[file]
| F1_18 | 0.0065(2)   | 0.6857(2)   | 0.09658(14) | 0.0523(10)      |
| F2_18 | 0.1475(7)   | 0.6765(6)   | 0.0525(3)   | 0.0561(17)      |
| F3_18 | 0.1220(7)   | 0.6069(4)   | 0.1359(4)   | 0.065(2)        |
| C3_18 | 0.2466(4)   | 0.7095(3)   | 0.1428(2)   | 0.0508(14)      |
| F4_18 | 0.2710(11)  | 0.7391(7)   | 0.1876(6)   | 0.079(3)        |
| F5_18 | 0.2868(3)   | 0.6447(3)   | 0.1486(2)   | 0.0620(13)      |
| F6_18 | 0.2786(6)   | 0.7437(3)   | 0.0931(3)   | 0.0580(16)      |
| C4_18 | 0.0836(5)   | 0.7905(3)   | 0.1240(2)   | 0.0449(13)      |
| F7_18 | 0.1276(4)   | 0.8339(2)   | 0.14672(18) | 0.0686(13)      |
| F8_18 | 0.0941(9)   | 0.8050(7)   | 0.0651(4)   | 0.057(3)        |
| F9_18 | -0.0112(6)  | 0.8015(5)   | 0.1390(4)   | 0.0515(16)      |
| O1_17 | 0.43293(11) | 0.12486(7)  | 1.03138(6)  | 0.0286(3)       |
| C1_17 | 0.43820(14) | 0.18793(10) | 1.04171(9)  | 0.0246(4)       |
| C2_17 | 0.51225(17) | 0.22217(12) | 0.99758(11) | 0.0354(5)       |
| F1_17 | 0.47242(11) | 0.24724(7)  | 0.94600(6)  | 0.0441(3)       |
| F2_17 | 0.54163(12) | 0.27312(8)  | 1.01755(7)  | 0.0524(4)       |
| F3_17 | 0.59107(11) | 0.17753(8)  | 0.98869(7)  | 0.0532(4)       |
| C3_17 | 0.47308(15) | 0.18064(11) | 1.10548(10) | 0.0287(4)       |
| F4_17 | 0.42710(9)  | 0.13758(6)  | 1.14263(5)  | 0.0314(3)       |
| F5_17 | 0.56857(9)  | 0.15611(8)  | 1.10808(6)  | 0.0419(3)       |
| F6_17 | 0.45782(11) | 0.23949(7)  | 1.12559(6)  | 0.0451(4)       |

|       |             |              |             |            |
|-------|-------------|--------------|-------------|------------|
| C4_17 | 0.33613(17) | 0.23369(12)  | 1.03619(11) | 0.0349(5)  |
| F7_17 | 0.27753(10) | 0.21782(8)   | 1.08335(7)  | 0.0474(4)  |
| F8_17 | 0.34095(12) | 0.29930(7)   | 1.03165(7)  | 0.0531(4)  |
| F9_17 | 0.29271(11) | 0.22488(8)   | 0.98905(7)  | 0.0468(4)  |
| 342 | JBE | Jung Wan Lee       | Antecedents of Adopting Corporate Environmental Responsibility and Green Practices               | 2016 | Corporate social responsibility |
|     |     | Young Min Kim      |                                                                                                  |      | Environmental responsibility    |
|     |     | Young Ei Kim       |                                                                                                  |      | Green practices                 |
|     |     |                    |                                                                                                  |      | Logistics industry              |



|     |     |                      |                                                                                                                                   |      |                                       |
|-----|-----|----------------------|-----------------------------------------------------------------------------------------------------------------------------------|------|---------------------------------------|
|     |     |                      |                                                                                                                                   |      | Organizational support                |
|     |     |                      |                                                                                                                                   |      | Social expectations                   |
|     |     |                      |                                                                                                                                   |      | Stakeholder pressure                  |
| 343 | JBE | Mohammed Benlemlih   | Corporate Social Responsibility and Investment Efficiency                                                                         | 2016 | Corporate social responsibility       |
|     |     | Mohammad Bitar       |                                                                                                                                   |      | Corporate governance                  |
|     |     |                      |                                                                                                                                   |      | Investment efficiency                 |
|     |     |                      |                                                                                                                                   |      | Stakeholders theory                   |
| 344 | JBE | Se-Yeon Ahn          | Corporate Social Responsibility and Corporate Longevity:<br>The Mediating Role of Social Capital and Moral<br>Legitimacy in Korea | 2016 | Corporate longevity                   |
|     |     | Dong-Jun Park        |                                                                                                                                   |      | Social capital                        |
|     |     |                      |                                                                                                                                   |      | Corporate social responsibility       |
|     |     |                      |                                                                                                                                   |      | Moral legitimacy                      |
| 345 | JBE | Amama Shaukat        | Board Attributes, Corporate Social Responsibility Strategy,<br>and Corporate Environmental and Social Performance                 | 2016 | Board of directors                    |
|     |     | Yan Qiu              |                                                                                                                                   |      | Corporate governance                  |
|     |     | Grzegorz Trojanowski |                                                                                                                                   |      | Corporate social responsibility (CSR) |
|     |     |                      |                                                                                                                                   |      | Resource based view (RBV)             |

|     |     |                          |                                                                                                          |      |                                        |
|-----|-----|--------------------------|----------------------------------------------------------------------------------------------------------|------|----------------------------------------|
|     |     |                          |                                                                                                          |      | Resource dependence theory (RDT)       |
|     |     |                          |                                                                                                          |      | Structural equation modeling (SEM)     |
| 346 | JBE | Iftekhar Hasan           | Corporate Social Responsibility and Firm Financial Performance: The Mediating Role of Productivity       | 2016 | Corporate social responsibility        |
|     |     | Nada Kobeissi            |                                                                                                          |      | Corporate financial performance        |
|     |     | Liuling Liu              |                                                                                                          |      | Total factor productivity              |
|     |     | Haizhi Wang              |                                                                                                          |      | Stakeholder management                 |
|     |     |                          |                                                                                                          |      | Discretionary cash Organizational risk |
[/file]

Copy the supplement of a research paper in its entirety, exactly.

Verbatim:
| F1_18 | 0.0065(2)   | 0.6857(2)   | 0.09658(14) | 0.0523(10)      |
| F2_18 | 0.1475(7)   | 0.6765(6)   | 0.0525(3)   | 0.0561(17)      |
| F3_18 | 0.1220(7)   | 0.6069(4)   | 0.1359(4)   | 0.065(2)        |
| C3_18 | 0.2466(4)   | 0.7095(3)   | 0.1428(2)   | 0.0508(14)      |
| F4_18 | 0.2710(11)  | 0.7391(7)   | 0.1876(6)   | 0.079(3)        |
| F5_18 | 0.2868(3)   | 0.6447(3)   | 0.1486(2)   | 0.0620(13)      |
| F6_18 | 0.2786(6)   | 0.7437(3)   | 0.0931(3)   | 0.0580(16)      |
| C4_18 | 0.0836(5)   | 0.7905(3)   | 0.1240(2)   | 0.0449(13)      |
| F7_18 | 0.1276(4)   | 0.8339(2)   | 0.14672(18) | 0.0686(13)      |
| F8_18 | 0.0941(9)   | 0.8050(7)   | 0.0651(4)   | 0.057(3)        |
| F9_18 | -0.0112(6)  | 0.8015(5)   | 0.1390(4)   | 0.0515(16)      |
| O1_17 | 0.43293(11) | 0.12486(7)  | 1.03138(6)  | 0.0286(3)       |
| C1_17 | 0.43820(14) | 0.18793(10) | 1.04171(9)  | 0.0246(4)       |
| C2_17 | 0.51225(17) | 0.22217(12) | 0.99758(11) | 0.0354(5)       |
| F1_17 | 0.47242(11) | 0.24724(7)  | 0.94600(6)  | 0.0441(3)       |
| F2_17 | 0.54163(12) | 0.27312(8)  | 1.01755(7)  | 0.0524(4)       |
| F3_17 | 0.59107(11) | 0.17753(8)  | 0.98869(7)  | 0.0532(4)       |
| C3_17 | 0.47308(15) | 0.18064(11) | 1.10548(10) | 0.0287(4)       |
| F4_17 | 0.42710(9)  | 0.13758(6)  | 1.14263(5)  | 0.0314(3)       |
| F5_17 | 0.56857(9)  | 0.15611(8)  | 1.10808(6)  | 0.0419(3)       |
| F6_17 | 0.45782(11) | 0.23949(7)  | 1.12559(6)  | 0.0451(4)       |

|       |             |              |             |            |
|-------|-------------|--------------|-------------|------------|
| C4_17 | 0.33613(17) | 0.23369(12)  | 1.03619(11) | 0.0349(5)  |
| F7_17 | 0.27753(10) | 0.21782(8)   | 1.08335(7)  | 0.0474(4)  |
| F8_17 | 0.34095(12) | 0.29930(7)   | 1.03165(7)  | 0.0531(4)  |
| F9_17 | 0.29271(11) | 0.22488(8)   | 0.98905(7)  | 0.0468(4)  |
| 342 | JBE | Jung Wan Lee       | Antecedents of Adopting Corporate Environmental Responsibility and Green Practices               | 2016 | Corporate social responsibility |
|     |     | Young Min Kim      |                                                                                                  |      | Environmental responsibility    |
|     |     | Young Ei Kim       |                                                                                                  |      | Green practices                 |
|     |     |                    |                                                                                                  |      | Logistics industry              |



|     |     |                      |                                                                                                                                   |      |                                       |
|-----|-----|----------------------|-----------------------------------------------------------------------------------------------------------------------------------|------|---------------------------------------|
|     |     |                      |                                                                                                                                   |      | Organizational support                |
|     |     |                      |                                                                                                                                   |      | Social expectations                   |
|     |     |                      |                                                                                                                                   |      | Stakeholder pressure                  |
| 343 | JBE | Mohammed Benlemlih   | Corporate Social Responsibility and Investment Efficiency                                                                         | 2016 | Corporate social responsibility       |
|     |     | Mohammad Bitar       |                                                                                                                                   |      | Corporate governance                  |
|     |     |                      |                                                                                                                                   |      | Investment efficiency                 |
|     |     |                      |                                                                                                                                   |      | Stakeholders theory                   |
| 344 | JBE | Se-Yeon Ahn          | Corporate Social Responsibility and Corporate Longevity:<br>The Mediating Role of Social Capital and Moral<br>Legitimacy in Korea | 2016 | Corporate longevity                   |
|     |     | Dong-Jun Park        |                                                                                                                                   |      | Social capital                        |
|     |     |                      |                                                                                                                                   |      | Corporate social responsibility       |
|     |     |                      |                                                                                                                                   |      | Moral legitimacy                      |
| 345 | JBE | Amama Shaukat        | Board Attributes, Corporate Social Responsibility Strategy,<br>and Corporate Environmental and Social Performance                 | 2016 | Board of directors                    |
|     |     | Yan Qiu              |                                                                                                                                   |      | Corporate governance                  |
|     |     | Grzegorz Trojanowski |                                                                                                                                   |      | Corporate social responsibility (CSR) |
|     |     |                      |                                                                                                                                   |      | Resource based view (RBV)             |

|     |     |                          |                                                                                                          |      |                                        |
|-----|-----|--------------------------|----------------------------------------------------------------------------------------------------------|------|----------------------------------------|
|     |     |                          |                                                                                                          |      | Resource dependence theory (RDT)       |
|     |     |                          |                                                                                                          |      | Structural equation modeling (SEM)     |
| 346 | JBE | Iftekhar Hasan           | Corporate Social Responsibility and Firm Financial Performance: The Mediating Role of Productivity       | 2016 | Corporate social responsibility        |
|     |     | Nada Kobeissi            |                                                                                                          |      | Corporate financial performance        |
|     |     | Liuling Liu              |                                                                                                          |      | Total factor productivity              |
|     |     | Haizhi Wang              |                                                                                                          |      | Stakeholder management                 |
|     |     |                          |                                                                                                          |      | Discretionary cash Organizational risk |